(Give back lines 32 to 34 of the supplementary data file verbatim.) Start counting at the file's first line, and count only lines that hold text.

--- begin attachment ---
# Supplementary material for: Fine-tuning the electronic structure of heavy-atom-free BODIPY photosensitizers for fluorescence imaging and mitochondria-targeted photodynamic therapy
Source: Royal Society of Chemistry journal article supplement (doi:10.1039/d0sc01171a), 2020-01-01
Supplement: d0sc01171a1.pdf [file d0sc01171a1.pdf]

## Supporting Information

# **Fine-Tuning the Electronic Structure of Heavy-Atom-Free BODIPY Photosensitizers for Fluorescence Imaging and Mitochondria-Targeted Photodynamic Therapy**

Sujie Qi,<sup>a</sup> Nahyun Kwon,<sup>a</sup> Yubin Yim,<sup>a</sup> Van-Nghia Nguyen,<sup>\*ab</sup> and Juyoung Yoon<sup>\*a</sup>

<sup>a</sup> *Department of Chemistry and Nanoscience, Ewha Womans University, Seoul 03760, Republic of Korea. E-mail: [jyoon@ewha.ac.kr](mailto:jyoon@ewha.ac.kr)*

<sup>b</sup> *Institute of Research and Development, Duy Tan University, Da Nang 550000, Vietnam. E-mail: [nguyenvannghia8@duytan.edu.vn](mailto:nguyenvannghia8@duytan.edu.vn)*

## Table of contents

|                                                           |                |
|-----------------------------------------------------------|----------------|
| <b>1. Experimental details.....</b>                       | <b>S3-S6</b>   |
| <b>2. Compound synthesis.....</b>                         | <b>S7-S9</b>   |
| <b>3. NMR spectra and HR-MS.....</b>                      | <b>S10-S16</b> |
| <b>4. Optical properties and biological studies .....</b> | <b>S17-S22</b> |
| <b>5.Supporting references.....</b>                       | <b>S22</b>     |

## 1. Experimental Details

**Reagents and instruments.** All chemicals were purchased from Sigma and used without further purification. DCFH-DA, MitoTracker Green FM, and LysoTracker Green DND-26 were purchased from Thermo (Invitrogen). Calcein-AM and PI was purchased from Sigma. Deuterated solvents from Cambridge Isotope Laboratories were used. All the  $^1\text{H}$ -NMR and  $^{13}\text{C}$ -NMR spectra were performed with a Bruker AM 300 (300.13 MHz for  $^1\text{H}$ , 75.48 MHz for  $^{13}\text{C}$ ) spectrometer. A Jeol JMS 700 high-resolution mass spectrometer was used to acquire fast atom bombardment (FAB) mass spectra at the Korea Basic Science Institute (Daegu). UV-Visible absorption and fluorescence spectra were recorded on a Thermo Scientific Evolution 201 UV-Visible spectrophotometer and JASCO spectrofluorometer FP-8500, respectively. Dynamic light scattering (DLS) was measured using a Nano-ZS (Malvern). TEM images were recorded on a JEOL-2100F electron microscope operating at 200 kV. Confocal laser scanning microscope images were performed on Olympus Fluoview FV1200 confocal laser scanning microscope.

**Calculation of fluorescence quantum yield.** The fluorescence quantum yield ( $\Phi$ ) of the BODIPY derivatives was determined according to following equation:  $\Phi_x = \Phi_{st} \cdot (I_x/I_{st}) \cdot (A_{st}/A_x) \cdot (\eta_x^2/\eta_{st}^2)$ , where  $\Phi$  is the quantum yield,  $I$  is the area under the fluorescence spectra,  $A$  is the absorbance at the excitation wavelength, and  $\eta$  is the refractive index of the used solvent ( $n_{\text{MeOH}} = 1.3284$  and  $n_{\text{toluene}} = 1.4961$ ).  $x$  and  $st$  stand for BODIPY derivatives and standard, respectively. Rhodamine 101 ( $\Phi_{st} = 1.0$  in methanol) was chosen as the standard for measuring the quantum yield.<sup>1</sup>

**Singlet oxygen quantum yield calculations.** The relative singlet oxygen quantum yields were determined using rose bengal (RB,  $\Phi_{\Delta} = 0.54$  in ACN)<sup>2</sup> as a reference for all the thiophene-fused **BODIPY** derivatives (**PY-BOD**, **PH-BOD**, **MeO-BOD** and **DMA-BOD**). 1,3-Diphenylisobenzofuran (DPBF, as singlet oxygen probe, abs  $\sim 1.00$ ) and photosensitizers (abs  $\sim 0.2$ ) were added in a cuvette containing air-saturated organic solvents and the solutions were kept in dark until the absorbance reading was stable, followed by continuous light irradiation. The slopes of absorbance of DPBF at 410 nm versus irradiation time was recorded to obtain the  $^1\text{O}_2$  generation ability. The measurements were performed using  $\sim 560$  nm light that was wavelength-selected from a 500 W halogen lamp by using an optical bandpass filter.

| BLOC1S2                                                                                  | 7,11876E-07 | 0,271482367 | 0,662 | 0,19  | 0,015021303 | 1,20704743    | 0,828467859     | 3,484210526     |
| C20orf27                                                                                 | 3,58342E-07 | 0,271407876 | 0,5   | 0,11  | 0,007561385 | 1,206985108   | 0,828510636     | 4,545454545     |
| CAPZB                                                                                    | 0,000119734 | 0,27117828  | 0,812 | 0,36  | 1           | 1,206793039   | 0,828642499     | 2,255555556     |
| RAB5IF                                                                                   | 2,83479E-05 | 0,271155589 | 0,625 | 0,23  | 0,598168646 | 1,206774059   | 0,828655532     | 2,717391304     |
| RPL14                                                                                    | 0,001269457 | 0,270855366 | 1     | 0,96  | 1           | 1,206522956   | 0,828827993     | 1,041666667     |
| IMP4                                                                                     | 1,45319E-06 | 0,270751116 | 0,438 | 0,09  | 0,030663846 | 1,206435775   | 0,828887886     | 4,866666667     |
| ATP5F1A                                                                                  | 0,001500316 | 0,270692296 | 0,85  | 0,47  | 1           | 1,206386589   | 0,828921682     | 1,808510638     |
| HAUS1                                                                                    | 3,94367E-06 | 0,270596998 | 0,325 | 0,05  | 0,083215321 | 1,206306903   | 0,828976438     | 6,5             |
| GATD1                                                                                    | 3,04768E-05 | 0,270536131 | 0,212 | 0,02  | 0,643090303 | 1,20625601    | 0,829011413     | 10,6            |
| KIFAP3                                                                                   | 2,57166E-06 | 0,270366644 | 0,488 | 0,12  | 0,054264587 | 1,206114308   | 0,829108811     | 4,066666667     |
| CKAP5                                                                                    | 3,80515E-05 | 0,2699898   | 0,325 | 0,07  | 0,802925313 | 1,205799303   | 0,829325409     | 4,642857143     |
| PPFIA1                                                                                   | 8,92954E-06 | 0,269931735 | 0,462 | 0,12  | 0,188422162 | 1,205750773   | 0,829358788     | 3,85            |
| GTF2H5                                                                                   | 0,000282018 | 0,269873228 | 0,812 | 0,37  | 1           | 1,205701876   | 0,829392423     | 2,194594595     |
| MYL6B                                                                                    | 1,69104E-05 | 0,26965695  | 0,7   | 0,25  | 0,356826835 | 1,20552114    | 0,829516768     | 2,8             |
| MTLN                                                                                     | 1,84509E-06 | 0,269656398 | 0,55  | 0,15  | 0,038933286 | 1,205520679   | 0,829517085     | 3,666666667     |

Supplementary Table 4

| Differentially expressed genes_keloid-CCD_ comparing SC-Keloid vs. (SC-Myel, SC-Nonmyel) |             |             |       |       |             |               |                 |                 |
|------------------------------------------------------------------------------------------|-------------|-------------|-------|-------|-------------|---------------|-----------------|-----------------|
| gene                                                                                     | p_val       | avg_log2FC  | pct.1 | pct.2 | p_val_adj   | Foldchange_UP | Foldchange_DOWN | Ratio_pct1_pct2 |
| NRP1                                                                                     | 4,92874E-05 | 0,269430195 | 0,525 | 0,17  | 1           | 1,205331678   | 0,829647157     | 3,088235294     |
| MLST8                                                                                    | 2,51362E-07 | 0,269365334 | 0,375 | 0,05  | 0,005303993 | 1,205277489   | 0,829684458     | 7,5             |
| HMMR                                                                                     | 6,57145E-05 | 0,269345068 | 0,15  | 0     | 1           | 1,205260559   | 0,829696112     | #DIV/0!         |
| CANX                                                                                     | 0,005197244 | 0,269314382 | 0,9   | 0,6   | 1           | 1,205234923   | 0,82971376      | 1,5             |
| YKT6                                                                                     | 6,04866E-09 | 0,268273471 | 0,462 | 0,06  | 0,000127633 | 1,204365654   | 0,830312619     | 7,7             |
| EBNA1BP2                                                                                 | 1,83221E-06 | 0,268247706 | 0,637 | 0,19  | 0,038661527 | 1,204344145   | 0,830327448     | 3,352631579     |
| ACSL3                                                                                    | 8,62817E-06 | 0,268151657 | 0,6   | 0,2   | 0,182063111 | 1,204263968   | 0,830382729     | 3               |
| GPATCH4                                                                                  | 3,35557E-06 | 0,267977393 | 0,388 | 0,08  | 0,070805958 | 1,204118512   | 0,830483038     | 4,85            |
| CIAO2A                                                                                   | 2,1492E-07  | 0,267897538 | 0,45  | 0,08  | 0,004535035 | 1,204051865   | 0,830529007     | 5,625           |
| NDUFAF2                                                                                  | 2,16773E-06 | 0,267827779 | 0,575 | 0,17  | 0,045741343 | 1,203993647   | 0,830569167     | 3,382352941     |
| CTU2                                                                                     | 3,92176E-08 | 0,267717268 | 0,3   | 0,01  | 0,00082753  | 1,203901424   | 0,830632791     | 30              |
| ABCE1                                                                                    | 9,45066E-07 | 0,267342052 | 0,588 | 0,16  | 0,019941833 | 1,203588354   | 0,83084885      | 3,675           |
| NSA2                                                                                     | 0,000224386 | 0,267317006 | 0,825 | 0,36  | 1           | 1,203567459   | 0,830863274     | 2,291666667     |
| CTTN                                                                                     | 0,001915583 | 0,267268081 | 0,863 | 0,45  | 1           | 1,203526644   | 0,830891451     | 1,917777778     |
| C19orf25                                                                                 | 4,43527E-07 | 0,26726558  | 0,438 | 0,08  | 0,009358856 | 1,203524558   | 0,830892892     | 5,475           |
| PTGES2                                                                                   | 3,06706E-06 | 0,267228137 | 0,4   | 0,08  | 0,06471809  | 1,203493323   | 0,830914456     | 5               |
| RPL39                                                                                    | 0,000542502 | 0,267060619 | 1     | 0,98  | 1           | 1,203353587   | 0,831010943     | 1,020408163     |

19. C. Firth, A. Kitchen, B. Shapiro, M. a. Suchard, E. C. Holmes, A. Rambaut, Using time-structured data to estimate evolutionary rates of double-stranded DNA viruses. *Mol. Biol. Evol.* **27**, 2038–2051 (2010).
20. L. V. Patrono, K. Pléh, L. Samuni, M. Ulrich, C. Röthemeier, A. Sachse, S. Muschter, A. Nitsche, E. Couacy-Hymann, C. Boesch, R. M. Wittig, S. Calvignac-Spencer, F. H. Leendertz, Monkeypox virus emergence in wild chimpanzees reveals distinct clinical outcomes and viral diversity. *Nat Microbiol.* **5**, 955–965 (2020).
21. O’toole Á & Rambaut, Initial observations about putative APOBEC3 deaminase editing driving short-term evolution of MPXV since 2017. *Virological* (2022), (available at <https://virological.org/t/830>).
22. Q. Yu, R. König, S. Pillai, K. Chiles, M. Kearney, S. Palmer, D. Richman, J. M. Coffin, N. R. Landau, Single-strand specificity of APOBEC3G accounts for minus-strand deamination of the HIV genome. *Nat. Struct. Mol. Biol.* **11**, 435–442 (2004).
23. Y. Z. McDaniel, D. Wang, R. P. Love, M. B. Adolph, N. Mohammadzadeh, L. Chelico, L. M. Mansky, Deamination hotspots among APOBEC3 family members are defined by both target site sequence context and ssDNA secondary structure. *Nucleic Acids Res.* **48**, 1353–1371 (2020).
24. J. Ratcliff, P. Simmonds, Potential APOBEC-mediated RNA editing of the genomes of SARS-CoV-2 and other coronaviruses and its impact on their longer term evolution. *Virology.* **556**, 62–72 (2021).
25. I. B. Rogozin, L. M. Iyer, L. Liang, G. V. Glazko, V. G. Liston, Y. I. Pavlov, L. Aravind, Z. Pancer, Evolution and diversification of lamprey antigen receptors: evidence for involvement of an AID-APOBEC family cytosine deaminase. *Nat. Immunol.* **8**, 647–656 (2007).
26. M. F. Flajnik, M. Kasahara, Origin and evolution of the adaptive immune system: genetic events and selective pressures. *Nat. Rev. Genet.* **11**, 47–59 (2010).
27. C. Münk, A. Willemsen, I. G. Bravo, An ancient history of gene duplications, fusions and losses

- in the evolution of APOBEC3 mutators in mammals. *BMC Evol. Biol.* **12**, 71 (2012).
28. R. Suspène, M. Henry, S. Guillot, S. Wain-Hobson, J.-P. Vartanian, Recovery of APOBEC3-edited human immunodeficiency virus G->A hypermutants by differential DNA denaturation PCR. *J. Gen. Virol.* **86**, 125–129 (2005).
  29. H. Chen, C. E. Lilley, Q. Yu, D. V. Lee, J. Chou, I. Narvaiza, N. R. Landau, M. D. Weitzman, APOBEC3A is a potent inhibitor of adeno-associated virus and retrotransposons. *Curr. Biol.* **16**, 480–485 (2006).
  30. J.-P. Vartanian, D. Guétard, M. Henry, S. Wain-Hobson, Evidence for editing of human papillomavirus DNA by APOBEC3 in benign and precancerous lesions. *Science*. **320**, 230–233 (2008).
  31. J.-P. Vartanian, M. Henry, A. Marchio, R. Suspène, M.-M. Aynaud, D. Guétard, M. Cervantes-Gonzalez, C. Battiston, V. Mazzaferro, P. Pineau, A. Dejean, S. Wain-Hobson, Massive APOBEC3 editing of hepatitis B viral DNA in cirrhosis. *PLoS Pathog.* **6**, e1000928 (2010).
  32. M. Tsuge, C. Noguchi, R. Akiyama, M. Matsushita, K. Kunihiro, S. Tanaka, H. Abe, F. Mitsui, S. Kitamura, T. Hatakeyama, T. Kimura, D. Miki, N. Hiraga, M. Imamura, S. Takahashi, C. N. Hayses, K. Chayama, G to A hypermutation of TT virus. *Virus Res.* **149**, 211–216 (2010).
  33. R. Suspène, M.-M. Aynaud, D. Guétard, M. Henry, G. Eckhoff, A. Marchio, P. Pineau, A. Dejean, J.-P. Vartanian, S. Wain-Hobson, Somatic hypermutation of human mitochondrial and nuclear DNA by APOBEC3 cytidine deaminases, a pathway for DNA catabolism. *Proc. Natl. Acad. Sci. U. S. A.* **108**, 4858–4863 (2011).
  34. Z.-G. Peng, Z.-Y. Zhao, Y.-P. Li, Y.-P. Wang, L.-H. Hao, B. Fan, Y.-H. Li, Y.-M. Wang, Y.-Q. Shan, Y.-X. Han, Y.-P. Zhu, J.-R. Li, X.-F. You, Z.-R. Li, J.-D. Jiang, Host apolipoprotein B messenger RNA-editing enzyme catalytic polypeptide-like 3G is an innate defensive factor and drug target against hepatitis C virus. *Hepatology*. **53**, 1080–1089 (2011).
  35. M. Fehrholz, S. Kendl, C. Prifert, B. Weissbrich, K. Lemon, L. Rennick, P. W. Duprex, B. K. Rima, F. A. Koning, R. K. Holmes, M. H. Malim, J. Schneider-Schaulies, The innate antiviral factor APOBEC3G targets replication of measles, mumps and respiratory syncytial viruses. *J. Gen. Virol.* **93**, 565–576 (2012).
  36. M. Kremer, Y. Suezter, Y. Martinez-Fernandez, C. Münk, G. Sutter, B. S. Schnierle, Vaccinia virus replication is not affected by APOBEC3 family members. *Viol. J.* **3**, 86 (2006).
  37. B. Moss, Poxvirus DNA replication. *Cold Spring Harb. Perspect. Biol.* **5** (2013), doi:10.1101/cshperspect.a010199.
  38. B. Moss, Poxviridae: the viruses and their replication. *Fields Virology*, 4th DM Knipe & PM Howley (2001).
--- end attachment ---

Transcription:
| PPFIA1                                                                                   | 8,92954E-06 | 0,269931735 | 0,462 | 0,12  | 0,188422162 | 1,205750773   | 0,829358788     | 3,85            |
| GTF2H5                                                                                   | 0,000282018 | 0,269873228 | 0,812 | 0,37  | 1           | 1,205701876   | 0,829392423     | 2,194594595     |
| MYL6B                                                                                    | 1,69104E-05 | 0,26965695  | 0,7   | 0,25  | 0,356826835 | 1,20552114    | 0,829516768     | 2,8             |